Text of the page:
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Paste Wax (Car Wax)

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Review by PPK posted 08-22-2016 01:26 PM 2437 views 0 times favorited 6 comments Add to Favorites Watch
Paste Wax (Car Wax) Paste Wax (Car Wax) Paste Wax (Car Wax) Click the pictures to enlarge them

I thought about blogging this, but didn’t know if that was the right spot to put it.

Here’s my shameless plug for using paste wax/car wax for woodworking!

I am not particular to one brand over another. They all work quite well. The main thing that makes them good is the carnauba wax. This is a really tough wax that stays in place for a long(er) amount of time.

I use car wax on my steel surfaces, such as my tablesaw, jointer, bandsaw, etc. This protects them from rust, and also lubricates the surface, making it easy to slide wood across the top. I’ve used this on steel surfaces for about 10 years, and have never had rust issues on my bare cast iron steel surfaces

I also use car way on my router table top, on the bottoms of jigs and crosscut sleds, on my dovetail jig, on fences that need stock to slide smoothly, and even on the bases of my routers. I see this as a safety feature, since it helps wood & tools to glide smoothly. Feed rate is a very important part of maintaining safety, and if you have a board or tool that gets caught or doesn’t feed smoothly, it can cause kickback or the tool to surge forward.

Finally, I’ve never had any issues with the paste wax affecting my finishes on the woods. In all honesty, very little wax actually gets on the work. If it does, it sands/planes off super easily.

Bust out a bottle or tub of paste wax today – “and wipe on, wipe off!!”

-- Pete




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PPK

1095 posts in 892 days



6 comments so far

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splintergroup

2203 posts in 1305 days


#1 posted 08-22-2016 02:18 PM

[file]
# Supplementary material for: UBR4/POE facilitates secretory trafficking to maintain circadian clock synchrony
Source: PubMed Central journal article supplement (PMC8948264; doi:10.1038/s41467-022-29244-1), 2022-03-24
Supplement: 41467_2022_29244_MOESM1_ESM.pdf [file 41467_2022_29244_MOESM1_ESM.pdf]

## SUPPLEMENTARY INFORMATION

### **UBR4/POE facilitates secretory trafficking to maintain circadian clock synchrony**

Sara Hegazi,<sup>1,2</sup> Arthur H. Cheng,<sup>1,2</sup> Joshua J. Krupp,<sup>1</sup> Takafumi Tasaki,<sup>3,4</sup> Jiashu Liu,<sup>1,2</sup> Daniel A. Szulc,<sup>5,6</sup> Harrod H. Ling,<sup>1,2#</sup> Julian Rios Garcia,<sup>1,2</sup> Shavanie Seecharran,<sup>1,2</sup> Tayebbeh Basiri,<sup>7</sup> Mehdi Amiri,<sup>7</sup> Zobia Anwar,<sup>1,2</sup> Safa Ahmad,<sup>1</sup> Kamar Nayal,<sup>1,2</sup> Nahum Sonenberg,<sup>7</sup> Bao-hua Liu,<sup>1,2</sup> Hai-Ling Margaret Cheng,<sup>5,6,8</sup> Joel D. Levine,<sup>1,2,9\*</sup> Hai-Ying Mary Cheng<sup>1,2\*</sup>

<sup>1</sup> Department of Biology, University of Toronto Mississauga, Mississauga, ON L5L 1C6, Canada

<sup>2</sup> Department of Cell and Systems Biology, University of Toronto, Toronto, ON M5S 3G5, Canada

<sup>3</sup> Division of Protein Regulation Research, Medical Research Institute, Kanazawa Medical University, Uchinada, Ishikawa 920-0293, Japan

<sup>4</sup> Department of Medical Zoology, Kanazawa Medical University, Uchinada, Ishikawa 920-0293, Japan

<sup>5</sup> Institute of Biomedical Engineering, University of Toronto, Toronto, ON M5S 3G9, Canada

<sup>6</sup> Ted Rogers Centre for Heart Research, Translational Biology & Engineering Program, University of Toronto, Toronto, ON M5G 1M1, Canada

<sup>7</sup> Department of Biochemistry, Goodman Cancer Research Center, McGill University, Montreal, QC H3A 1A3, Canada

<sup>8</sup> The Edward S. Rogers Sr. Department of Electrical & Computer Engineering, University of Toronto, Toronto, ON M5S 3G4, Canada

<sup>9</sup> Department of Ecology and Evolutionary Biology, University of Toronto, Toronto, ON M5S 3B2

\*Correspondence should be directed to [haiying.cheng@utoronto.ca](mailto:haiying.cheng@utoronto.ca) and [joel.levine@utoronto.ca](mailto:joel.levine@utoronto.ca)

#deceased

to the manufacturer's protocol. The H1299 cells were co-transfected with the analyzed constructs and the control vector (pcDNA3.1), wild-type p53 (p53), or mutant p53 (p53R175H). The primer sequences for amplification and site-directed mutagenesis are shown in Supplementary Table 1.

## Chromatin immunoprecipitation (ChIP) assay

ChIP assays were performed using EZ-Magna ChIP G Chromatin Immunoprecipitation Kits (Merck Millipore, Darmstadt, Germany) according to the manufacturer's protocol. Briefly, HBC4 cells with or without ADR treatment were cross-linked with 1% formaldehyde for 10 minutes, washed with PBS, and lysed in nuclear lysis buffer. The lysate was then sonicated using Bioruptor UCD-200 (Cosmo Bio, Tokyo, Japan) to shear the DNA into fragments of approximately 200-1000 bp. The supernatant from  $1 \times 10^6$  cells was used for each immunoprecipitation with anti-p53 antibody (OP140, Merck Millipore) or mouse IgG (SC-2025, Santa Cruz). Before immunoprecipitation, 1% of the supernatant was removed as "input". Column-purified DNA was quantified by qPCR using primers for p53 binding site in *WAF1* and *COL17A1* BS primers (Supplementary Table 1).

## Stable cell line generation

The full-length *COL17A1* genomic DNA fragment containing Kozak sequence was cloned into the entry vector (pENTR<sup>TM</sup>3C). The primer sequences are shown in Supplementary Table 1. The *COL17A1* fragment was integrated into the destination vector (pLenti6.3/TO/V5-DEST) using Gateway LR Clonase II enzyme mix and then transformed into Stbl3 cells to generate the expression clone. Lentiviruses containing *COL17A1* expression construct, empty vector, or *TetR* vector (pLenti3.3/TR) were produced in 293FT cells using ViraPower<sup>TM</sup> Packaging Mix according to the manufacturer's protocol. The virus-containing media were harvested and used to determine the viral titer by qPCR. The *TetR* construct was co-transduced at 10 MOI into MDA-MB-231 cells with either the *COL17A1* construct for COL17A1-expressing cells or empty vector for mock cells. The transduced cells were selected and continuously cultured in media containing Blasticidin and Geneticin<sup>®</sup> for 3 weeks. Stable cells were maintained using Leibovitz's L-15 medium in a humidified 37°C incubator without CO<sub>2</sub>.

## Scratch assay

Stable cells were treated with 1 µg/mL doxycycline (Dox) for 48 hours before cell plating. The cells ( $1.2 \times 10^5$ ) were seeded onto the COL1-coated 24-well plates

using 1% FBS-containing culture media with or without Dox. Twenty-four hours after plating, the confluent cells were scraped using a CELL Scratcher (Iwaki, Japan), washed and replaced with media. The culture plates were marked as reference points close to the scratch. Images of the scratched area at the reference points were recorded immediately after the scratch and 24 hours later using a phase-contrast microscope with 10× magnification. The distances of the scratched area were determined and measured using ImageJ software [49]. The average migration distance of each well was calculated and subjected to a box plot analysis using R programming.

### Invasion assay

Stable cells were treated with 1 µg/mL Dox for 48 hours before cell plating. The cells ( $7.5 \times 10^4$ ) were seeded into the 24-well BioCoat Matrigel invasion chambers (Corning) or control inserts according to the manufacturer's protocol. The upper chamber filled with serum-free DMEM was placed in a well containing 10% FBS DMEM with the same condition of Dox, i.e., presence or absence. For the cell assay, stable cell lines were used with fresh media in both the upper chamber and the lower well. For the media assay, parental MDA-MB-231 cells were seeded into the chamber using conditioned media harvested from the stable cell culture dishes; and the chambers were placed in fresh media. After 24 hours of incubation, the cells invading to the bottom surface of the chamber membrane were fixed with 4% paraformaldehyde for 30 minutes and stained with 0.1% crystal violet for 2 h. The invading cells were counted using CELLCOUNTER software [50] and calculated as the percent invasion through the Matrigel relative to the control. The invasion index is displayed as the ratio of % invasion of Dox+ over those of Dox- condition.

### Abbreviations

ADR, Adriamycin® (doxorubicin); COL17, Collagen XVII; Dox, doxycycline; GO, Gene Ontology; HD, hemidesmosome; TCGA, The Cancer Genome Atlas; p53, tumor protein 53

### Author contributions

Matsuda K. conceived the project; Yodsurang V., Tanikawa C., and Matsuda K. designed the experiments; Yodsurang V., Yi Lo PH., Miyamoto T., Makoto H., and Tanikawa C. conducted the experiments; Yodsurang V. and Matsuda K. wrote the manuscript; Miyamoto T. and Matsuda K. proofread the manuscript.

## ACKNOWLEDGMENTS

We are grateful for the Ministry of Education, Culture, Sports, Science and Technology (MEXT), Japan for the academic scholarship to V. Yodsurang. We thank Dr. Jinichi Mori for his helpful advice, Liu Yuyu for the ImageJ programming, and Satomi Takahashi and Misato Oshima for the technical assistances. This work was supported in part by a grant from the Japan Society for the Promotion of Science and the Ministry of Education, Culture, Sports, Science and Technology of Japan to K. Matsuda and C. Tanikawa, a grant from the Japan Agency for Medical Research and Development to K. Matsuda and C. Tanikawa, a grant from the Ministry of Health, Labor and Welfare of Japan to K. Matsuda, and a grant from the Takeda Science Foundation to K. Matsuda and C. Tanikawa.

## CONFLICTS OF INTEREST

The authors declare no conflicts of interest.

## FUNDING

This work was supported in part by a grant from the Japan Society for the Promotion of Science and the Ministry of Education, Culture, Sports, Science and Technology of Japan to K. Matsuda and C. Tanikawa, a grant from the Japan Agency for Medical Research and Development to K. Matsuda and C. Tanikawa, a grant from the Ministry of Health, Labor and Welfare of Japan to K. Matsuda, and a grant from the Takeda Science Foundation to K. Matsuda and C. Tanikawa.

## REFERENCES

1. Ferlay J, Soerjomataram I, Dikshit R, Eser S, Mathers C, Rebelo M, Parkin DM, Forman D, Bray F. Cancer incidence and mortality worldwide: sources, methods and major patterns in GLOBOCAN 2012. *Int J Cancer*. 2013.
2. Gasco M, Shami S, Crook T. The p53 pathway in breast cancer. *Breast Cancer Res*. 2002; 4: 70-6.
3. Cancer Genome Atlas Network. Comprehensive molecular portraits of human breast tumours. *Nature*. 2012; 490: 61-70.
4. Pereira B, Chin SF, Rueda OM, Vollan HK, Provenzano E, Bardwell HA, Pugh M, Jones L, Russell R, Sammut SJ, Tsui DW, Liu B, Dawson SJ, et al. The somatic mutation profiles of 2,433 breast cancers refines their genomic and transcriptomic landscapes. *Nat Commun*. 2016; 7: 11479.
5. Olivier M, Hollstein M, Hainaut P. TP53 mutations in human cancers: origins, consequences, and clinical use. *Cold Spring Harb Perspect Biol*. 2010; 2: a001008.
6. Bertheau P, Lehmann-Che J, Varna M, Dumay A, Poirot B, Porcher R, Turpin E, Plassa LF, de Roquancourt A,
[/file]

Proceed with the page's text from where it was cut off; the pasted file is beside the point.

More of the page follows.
The fear of silicone from wax transferring to wood is valid, but a bit over hyped in my opinion. I used car wax when I had finished assembly of my then-new table saw (I didn’t know better). Sure enough, the first few pieces of wood to pass over that table top and receive a finish had “mysterious” fish-eyes. It took me a while to figure out it was the wax and I had not sufficiently removed the excess that got down into the miter grooves. I assumed that the miter gauge dug it back out and that is what ended up on my project.

I currently just use paste wax since I have it available, but definitely feel no shame using car wax as long as you are meticulous about the ‘wax-off’ portion of the instructions!

View dschlic1's profile

dschlic1

440 posts in 2052 days


#2 posted 08-22-2016 04:42 PM

I use Johnson’s paste wax. Just as available as car wax, no silicone.

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Andre

1958 posts in 1889 days


#3 posted 08-23-2016 12:16 AM

Hard to find Johnson’s wax here in Canada for some reason? Have been using some stuff from OSMO, seems to work pretty good so far.

-- Lifting one end of the plank.

View GR8HUNTER's profile

GR8HUNTER

4337 posts in 795 days


#4 posted 08-23-2016 12:22 AM



I use Johnson s paste wax. Just as available as car wax, no silicone.

- dschlic1

DITTO

-- Tony---- Reinholds,Pa.------ REMEMBER TO ALWAYS HAVE FUN

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jeffswildwood

3403 posts in 2060 days


#5 posted 08-23-2016 12:45 AM

I used Johnsons paste wax on a bench one time. Just seen it sitting there and said “why not” and tried it. Risky as it was to be delivered the next day. Worked great. Nice shine on the polyurethane and smooth surface. Always thought I got lucky and never did it again. Bought some minwax paste wax and began using it. Maybe I’ll try it again!

-- We all make mistakes, the trick is to fix it in a way that says "I meant to do that".

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Ted78

401 posts in 2082 days


#6 posted 08-25-2016 03:47 PM

I’ve used both car and wood floor wax (Turtle and Johnson’s) to protect table saw and jointer beds etc. Both work, but I really do prefer the car wax. It’s designed to be applied to a non-porous hard surface and whereas the Johnson’s floor wax is designed to go on wood. Most importantly, the car wax goes on green and it’s easy to see where you’ve not quite got it buffed out well enough.

-- Ted

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